Petitioner also avers that he is an innocent purchaser for value and that an action for reconveyance cannot prosper against him. He argues that the finding of respondent appellate court of bad faith was not supported by evidence. A purchaser in good faith is one who buys property of another, without notice that some other person has a right to, or interest in, such property at the time of such purchase, or before he has notice of the claim or interest of some other persons in the property. Good faith, or the lack of it, is in the final analysis a question of intention; but in ascertaining the intention by which one is actuated on a given occasion, we are necessarily controlled by the evidence as to the conduct and outward acts by which alone the inward motive may, with safety, be determined. Truly, good faith is not a visible, tangible fact that can be seen or touched, but rather a state or condition of mind which can only be judged by actual or fancied tokens or signs. Otherwise stated, good faith is the opposite of fraud and it refers to the state of mind which is manifested by the acts of the individual concerned. 18
Certain pieces of evidence when put together would prove that petitioner Alejandro Millena had actual knowledge of facts that would have made an ordinary prudent purchaser of land go beyond what appears on the face of the certificate of title and inquire into its genuineness. The first evidence to be considered is the 3 October 1994 decision of the Regional Trial Court of Legazpi City wherein it ruled —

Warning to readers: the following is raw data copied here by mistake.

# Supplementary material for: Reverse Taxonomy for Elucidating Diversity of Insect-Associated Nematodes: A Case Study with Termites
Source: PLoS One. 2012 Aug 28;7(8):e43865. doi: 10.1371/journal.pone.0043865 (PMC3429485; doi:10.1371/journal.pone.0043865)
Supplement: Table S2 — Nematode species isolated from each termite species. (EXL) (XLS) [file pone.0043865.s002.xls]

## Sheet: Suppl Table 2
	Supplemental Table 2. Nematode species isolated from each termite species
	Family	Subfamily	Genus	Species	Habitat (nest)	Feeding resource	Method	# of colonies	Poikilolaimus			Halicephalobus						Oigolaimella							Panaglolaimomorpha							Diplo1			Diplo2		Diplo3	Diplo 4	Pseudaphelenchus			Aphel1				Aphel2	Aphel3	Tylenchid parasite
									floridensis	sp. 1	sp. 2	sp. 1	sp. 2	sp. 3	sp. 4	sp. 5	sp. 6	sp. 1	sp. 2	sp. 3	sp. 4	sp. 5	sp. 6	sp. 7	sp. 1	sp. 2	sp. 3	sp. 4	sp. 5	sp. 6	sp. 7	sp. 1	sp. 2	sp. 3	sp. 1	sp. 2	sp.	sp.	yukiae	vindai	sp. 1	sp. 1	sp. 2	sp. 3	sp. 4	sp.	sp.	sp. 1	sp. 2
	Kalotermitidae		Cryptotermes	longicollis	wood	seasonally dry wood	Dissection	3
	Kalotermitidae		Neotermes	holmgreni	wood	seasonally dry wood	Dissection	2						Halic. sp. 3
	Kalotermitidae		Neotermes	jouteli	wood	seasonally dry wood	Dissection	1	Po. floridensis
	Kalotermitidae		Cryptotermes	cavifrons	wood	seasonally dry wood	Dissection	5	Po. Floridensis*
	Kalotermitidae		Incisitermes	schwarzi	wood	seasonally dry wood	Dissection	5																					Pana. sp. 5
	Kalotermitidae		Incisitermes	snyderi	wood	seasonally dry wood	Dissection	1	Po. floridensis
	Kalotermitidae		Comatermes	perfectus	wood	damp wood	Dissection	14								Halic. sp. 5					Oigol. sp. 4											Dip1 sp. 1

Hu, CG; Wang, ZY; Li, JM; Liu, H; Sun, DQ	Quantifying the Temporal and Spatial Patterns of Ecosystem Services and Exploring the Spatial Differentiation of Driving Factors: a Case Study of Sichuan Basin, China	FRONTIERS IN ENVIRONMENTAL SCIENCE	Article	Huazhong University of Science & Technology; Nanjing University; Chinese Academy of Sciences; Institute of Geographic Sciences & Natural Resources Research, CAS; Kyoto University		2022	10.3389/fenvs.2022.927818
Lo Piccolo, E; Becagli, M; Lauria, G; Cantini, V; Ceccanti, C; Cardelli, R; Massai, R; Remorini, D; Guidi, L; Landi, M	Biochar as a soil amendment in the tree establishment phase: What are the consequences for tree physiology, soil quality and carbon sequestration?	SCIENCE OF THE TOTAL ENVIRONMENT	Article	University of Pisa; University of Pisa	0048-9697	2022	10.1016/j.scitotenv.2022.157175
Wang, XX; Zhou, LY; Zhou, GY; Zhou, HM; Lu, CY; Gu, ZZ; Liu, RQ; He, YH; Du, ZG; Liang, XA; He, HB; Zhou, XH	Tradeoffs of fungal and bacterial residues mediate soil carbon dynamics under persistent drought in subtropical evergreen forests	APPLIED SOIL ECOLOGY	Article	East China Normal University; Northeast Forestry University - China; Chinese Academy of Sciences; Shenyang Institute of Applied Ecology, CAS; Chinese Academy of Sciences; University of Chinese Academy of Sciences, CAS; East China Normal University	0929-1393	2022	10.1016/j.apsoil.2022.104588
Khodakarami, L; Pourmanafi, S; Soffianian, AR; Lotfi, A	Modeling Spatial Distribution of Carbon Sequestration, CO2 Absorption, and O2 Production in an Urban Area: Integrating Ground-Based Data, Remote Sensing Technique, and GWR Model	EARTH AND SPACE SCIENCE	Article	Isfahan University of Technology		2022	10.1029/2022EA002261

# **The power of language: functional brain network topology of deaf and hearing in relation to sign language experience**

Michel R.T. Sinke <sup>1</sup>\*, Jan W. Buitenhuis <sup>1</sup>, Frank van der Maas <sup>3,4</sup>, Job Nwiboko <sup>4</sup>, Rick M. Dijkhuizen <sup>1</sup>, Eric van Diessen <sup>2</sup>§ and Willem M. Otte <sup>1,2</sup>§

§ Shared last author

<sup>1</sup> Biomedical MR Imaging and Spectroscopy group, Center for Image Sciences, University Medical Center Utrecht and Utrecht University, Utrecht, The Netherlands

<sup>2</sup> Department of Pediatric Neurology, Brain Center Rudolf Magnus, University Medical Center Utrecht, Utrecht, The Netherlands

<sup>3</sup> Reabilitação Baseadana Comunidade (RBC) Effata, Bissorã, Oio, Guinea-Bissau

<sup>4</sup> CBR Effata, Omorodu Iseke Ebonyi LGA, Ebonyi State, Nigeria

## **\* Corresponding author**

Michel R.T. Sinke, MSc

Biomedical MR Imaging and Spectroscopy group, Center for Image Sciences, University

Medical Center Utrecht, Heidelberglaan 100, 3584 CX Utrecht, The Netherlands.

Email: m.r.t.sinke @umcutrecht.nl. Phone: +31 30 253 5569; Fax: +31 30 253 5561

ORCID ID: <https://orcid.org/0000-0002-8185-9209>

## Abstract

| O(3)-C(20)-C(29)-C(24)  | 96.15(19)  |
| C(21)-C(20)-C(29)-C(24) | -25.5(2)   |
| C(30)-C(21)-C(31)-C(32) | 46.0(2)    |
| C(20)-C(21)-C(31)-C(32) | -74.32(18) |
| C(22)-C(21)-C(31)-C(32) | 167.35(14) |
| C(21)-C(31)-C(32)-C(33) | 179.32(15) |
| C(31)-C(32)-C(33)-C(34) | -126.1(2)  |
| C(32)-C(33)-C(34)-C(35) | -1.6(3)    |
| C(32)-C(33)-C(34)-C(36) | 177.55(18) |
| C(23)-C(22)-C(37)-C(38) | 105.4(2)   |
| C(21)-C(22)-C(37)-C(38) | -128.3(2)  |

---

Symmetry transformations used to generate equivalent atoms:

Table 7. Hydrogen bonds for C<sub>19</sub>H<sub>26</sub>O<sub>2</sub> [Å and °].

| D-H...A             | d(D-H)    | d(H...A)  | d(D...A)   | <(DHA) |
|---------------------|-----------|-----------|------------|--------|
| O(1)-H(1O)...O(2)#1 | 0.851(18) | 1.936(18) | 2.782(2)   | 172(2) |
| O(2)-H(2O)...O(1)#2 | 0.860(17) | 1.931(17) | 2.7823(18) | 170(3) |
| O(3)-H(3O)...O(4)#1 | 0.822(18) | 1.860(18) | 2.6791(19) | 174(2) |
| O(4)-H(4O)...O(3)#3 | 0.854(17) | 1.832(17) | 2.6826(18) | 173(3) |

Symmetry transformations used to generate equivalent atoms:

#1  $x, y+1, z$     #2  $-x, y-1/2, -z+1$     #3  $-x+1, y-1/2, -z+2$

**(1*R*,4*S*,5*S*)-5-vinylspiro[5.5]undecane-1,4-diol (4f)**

[D]uring the ocular inspection conducted by this court, it was noted that only a portion of the defendant’s [Alejandro Millena’s] kitchen encroached a small portion of the lot in question and his house merely occupied an abandoned road adjoining the lot in question which cast doubt to the defendant’s claim of possession and ownership of the property in question. 19
Prescinding from this pronouncement we can conclude that petitioner Alejandro Millena lived right beside the contested portion of Lot 1874. And since he himself insisted that his house was constructed in 1980, 20 it would have been difficult, if not impossible, for him not to have noticed Felisa Jacob’s nephew and caretaker Jaime Llaguno planting and harvesting crops in the disputed land.chanrobles virtual lawlibrary
In fact Bgy. Secretary Lucio Londonio, who is also a brother-in-law of petitioner Alejandro Millena, testified in court that he has been living near the contested parcel of land for thirty-seven (37) years. Londonio told the court that the land was originally owned by Gaudencio Jacob and that ownership hereof was later transferred to Felisa Jacob. He further testified that he would often see Jaime Llaguno, the caretaker of the land, planting banana and coconut trees on the land. 21